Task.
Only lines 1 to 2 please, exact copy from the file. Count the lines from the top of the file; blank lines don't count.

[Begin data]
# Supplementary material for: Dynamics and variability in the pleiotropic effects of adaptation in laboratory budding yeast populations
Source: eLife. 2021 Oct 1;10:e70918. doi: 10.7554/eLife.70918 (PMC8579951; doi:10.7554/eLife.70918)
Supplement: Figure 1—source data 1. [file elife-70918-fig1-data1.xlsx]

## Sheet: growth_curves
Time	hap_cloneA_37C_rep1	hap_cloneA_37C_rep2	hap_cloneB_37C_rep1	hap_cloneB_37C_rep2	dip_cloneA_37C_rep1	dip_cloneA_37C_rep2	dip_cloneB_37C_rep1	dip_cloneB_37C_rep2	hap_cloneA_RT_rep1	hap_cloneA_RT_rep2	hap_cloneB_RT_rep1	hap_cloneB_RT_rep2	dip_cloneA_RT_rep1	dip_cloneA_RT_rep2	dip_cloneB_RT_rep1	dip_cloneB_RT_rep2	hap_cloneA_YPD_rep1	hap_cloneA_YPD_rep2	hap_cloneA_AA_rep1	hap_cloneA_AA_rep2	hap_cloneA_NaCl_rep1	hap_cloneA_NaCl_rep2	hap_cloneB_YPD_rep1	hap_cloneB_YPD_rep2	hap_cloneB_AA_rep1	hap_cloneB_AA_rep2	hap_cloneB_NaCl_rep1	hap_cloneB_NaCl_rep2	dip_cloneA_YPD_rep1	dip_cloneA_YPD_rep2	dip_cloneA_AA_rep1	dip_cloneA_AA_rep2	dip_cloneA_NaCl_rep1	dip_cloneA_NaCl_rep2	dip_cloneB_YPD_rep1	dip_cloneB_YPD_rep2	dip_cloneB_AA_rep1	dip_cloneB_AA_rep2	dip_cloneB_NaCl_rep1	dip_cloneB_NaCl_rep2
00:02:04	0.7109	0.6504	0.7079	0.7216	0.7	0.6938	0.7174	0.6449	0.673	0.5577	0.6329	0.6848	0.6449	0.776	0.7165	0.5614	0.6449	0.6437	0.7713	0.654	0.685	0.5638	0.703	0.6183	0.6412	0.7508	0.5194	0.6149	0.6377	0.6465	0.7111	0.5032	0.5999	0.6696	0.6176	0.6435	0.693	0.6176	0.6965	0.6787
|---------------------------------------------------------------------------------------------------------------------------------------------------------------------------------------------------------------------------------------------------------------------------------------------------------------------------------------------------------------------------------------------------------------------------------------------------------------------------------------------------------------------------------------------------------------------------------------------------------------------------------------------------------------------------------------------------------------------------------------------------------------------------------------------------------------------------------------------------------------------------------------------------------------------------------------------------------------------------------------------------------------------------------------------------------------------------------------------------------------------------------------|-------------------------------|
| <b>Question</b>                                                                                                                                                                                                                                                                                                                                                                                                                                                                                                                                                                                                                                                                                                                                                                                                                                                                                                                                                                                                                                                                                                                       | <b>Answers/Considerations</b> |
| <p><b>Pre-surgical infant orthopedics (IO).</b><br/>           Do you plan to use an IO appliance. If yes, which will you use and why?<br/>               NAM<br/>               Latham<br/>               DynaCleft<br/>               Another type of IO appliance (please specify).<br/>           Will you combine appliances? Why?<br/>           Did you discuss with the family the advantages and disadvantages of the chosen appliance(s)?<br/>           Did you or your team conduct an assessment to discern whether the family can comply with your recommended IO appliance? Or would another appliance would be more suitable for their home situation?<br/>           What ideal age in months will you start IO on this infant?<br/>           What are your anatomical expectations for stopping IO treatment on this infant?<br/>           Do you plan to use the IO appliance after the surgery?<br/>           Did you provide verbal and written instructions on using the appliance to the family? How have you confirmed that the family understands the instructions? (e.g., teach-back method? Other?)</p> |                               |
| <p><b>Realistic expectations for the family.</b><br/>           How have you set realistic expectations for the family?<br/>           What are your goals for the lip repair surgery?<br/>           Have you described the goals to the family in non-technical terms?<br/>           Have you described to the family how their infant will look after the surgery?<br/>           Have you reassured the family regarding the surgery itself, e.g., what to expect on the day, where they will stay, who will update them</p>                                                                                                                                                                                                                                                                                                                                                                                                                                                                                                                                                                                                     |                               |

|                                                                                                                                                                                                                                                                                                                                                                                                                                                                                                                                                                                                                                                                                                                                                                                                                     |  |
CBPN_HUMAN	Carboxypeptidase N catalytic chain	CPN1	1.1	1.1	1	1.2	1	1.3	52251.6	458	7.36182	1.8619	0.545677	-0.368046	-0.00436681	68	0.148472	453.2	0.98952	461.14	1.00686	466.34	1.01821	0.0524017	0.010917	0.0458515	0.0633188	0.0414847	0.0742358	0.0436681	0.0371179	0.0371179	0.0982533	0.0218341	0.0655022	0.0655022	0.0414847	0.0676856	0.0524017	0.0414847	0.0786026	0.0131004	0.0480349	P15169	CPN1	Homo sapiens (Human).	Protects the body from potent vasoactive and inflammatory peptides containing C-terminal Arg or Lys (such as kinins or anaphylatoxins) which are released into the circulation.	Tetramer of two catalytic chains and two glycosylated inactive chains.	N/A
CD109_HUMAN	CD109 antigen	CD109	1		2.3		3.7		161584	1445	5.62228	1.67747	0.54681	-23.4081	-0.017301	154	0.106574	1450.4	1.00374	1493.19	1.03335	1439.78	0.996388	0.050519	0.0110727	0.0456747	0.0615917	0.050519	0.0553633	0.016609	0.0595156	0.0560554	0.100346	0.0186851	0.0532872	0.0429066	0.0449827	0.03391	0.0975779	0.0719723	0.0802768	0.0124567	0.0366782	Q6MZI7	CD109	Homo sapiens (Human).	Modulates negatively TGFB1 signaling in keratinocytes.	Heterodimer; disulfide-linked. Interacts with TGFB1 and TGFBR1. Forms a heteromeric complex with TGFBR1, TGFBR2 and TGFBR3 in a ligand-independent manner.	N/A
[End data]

# Supplementary material for: Dynamics and variability in the pleiotropic effects of adaptation in laboratory budding yeast populations
Source: eLife. 2021 Oct 1;10:e70918. doi: 10.7554/eLife.70918 (PMC8579951; doi:10.7554/eLife.70918)